New way found to tell when species are threatened
Some researchers say they've developed a new method of determining when species are threatened, and it's a lot sooner than previously thought.
The researchers at Baylor University and ecologists from the University of Maryland, Baltimore County are using this new statistical analysis to measure the impact of human-caused environmental degradation on environmental biodiversity. They say it's more precise than current methods.
That precision has shown that scientists were off the mark about the "tipping point" at which species are threatened.
The new method is called the Threshold Indicator Taxa Analysis (TITAN) and is detailed in the British Ecological Society's journal Methods in Ecology and Evolution.
"This new method addresses what we perceived to be problems with existing quantitative approaches for detecting 'thresholds' in the response of organisms to pollutants," said Ryan King, associate professor of biology at Baylor, who developed the metod with Matthew Baker, assistant professor of geography and environmental systems at UMBC.
"Many types of organisms will suddenly decline or disappear once a threshold level of pollution is reached," he said in a statement. "We were particularly dissatisfied with the lack of sensitivity of existing methods and some of the assumptions required by those methods. This method has proven to be much more sensitive while also being very precise in its estimation of thresholds."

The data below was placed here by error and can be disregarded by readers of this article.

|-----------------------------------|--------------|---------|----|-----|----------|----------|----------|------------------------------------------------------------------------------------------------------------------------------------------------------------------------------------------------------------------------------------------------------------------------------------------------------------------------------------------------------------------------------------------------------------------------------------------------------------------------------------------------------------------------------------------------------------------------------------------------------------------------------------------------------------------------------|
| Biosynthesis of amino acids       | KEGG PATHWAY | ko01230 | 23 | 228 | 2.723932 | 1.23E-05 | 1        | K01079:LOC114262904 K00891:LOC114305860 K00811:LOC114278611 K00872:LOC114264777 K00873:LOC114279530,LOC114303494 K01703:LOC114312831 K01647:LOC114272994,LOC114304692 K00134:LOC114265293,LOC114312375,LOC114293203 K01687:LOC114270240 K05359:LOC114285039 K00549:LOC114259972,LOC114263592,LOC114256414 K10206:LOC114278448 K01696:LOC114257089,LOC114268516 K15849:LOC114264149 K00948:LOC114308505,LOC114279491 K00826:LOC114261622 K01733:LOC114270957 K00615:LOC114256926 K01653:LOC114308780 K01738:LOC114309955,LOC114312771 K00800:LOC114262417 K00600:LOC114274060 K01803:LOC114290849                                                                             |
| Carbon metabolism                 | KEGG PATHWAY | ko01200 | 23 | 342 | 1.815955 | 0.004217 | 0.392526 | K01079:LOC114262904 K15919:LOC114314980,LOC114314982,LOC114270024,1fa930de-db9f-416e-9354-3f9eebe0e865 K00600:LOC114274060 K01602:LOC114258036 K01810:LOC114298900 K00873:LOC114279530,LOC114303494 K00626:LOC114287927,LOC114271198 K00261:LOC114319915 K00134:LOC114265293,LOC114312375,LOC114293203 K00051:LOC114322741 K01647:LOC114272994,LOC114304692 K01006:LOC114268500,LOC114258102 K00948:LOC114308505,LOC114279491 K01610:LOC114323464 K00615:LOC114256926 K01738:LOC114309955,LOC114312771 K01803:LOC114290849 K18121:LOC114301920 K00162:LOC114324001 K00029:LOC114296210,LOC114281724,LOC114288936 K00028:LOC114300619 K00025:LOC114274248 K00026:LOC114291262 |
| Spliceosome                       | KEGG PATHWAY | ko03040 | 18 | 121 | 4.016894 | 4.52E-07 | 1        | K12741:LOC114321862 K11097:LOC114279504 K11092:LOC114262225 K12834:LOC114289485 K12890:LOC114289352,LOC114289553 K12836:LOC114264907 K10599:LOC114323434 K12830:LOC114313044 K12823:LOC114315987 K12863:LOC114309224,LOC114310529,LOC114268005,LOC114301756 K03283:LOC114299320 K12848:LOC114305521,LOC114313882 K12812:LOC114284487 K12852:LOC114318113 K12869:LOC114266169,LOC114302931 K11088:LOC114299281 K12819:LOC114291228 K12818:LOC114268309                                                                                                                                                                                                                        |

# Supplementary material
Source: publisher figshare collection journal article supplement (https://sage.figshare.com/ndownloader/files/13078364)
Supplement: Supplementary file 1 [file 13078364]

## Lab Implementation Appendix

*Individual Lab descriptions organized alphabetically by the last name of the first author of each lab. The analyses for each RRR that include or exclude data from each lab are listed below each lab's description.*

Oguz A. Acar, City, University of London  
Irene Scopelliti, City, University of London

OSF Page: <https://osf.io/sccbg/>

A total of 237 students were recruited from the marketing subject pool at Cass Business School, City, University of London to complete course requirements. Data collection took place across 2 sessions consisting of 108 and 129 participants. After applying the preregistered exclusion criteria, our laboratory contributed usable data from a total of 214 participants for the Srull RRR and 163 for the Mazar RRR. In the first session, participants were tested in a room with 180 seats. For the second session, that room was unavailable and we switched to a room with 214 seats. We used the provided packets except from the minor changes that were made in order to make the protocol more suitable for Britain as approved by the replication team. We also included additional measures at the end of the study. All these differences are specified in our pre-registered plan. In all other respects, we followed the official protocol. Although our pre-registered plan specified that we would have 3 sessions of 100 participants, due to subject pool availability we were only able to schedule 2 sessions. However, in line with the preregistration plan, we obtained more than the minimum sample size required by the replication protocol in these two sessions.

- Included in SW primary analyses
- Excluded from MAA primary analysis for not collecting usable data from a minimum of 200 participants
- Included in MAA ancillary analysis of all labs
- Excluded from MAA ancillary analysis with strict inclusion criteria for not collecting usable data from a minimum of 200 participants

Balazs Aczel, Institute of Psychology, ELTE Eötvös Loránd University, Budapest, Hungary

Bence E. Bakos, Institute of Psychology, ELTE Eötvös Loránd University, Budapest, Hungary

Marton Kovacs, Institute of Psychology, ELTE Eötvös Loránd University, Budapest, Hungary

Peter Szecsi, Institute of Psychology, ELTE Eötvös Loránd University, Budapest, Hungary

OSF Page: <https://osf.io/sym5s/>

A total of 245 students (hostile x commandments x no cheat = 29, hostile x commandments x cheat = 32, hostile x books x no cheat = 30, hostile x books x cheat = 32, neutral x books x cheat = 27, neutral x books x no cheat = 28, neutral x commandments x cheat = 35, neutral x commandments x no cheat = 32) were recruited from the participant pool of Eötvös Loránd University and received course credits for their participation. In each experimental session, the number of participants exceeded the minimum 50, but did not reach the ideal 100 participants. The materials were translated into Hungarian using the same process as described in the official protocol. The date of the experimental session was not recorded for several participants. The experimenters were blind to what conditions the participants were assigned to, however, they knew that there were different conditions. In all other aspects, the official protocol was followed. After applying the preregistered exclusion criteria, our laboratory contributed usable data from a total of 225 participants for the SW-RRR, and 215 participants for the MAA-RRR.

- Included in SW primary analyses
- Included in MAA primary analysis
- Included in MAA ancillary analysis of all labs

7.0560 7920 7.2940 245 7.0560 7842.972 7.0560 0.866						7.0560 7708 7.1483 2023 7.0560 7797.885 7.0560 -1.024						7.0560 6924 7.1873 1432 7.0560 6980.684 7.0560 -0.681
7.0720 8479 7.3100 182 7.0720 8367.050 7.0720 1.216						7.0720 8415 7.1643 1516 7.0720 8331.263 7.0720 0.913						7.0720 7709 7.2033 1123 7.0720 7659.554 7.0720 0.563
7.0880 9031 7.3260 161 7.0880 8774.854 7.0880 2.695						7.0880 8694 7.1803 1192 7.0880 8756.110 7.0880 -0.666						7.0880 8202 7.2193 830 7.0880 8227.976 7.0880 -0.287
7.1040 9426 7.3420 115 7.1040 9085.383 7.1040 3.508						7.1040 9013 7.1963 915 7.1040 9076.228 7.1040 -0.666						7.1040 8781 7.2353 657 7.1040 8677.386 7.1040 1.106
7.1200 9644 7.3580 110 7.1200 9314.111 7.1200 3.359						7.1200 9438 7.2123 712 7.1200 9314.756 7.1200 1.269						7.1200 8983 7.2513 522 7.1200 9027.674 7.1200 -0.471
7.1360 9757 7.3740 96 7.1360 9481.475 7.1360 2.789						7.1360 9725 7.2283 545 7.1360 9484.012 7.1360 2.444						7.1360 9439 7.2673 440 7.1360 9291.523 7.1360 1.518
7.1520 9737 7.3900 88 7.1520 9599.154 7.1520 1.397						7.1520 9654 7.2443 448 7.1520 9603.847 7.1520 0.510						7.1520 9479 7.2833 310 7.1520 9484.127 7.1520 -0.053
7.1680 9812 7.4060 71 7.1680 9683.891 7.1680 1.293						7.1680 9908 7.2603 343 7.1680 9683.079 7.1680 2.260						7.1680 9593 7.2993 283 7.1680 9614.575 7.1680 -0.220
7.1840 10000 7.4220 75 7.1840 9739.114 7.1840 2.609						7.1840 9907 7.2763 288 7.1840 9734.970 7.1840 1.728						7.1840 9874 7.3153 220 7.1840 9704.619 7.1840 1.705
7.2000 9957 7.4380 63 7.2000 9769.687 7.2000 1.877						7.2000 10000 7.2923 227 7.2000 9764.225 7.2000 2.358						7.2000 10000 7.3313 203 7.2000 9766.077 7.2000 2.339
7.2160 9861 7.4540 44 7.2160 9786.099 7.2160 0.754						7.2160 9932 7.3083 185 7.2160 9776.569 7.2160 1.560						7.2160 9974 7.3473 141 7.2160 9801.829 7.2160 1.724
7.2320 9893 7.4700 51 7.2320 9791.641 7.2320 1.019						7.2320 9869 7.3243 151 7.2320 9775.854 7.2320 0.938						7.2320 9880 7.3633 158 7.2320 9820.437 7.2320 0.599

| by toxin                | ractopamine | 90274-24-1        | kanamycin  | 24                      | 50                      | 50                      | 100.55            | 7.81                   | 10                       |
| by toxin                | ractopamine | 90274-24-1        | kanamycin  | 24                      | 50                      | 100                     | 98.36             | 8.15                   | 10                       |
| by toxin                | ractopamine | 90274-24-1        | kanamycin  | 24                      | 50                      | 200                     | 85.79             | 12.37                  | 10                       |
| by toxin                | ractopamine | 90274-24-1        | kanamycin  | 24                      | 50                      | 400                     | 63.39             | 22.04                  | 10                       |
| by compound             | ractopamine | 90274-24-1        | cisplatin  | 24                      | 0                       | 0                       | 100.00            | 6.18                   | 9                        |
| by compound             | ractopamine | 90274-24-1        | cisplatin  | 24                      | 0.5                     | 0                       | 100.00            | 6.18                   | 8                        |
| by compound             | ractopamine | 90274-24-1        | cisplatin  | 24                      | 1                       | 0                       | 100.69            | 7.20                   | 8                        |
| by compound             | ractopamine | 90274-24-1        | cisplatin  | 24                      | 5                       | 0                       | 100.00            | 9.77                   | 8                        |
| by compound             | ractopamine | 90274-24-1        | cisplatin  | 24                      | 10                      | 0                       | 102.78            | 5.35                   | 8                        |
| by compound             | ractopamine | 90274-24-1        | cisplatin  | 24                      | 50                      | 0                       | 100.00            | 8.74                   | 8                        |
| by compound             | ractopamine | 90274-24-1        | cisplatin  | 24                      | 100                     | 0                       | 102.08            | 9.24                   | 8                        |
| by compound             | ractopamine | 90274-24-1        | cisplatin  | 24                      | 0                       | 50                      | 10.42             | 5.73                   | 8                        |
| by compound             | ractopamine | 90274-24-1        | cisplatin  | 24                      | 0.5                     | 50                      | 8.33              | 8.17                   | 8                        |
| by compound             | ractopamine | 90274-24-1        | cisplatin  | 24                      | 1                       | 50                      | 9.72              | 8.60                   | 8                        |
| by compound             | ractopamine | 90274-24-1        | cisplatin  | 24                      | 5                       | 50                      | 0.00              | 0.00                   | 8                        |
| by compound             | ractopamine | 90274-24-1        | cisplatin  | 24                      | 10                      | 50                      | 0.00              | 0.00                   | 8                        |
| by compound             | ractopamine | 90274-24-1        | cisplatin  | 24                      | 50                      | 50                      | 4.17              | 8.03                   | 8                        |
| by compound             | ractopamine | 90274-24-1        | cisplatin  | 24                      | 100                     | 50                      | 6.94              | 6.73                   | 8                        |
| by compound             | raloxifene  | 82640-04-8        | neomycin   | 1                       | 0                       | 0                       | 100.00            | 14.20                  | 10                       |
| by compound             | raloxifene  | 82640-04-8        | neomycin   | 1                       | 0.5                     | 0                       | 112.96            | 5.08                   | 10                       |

Identifying the tipping points for species is important in protecting them and better understanding how ecosystems respond to environmental changes such as global warming, coal mine leaching, agricultural pollution and runoff from development.
For example, the researchers using the new analysis found that it take development of only 1 to 3 percent of land in a watershed to negatively affect the aquatic life. Old methods would show that it would take 20 to 30 percent.
"This really surprised us, but after carefully examining the data and testing the method using simulations, it became apparent that these declines were real," King said. "It certainly brings to light a strikingly strong relationship between development and degraded water quality in streams, but the mechanisms are not yet clear."
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